Thanks to both. John M.

  16. On wavelength today for a 8½ minute solve. LOI was Brioche, needed the B checker at the start to see it. Otherwise, all went in smoothly with much to enjoy, especially the crazy convicts.

    Many thanks to Jeremy for the blog

  17. Started slowly with 12ac being my FOI, and didn’t speed up till past half way. Eventually crossed the line in 9.02 with 10ac my LOI taking over a minute for me to solve. The dreaded Spooner reared his ugly head again I see, although for once he didn’t delay me much. Had I been a student of his at Oxford I would definitely hissed his mystery lessons!

  18. Lang may your lum reek. On the other hand I’ve never encountered a SHEBEEN in a Scottish context, only Irish and South African.

    Very entertaining puzzle and I loved my COD LAD MAGS. I do enjoy the challenge of a Spooner clue.

    All done in 07:16. I had hoped that FOUR would slow Kevin up, but alas not for quite long enough, so this was 1.1K and an Excellent day.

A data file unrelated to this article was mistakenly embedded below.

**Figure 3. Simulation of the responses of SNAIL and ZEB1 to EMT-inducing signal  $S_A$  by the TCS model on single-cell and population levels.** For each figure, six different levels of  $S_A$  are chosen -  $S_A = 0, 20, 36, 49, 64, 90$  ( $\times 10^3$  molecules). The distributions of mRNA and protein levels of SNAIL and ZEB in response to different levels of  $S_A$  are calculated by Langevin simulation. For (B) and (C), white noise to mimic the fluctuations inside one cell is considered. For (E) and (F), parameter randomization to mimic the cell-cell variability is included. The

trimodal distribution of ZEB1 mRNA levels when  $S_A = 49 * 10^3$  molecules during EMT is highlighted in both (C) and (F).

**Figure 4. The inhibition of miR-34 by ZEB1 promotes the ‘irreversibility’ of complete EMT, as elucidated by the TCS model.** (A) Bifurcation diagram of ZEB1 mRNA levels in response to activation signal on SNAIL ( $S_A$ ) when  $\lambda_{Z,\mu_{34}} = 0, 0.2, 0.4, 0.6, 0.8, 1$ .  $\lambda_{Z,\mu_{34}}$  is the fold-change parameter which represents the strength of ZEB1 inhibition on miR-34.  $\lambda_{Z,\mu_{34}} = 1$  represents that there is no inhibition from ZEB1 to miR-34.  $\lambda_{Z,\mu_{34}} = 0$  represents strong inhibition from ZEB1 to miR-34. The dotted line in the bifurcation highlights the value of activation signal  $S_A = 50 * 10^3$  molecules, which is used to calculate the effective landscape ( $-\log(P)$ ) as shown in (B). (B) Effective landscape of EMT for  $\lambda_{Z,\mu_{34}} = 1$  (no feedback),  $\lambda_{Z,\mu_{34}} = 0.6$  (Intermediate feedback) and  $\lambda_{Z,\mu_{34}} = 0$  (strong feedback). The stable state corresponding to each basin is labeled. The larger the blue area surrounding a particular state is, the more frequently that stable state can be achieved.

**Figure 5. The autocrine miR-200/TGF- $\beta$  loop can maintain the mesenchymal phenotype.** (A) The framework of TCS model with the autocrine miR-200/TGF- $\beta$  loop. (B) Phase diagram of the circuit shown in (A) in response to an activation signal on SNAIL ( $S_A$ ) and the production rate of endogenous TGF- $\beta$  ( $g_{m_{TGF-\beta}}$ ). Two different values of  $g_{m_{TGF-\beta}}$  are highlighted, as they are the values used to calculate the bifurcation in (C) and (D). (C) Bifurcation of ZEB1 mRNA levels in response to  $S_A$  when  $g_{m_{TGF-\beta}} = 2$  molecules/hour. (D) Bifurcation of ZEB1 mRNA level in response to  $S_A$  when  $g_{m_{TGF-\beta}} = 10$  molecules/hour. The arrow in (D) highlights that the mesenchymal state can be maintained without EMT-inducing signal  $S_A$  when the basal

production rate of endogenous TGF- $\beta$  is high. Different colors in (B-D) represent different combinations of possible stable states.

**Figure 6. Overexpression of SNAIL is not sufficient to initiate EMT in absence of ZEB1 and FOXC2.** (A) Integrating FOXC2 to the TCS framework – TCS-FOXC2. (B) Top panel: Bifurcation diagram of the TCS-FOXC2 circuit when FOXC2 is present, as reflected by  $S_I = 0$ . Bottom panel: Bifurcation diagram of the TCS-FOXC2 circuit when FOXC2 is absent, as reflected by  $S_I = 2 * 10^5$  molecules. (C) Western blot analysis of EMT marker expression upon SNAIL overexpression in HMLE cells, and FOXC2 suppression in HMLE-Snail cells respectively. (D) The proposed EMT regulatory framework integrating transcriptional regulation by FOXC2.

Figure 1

Many thanks Teazel and Jeremy.


  19. No time today as completed with constant interruptions from Mrs R and our new cleaner – who looks very good! I really enjoyed this otherwise. Thanks both.

  20. 3:48 this morning. Probably a little better than my personal average for Teazel’s puzzles, which I always find well crafted.
    Everything went smoothly after FOI 1d “get”, except for a hesitation first time round for 14 ac “Cote d’Ivoire” where my first thought was Cape Verde. It required a second visit with crossers in place for the correct answer to become apparent.
    COD 12 ac “nobody” – I always enjoy vinous clues. Also liked the spoonerism at 11 d, which often can be frustrating to crack.
    Thanks to Jeremy and Teazel.

  21. Greatly distracted by weather forecasts having been evacuated from Florida holiday home last night to safety of higher ground off island. So much for a relaxing week away in the sun. Will probably be a week before fallen trees moved etc and safe to return to survey damage from wind and storm surge. Latter likely more problematic with direct gulf front and Ian heading full on target.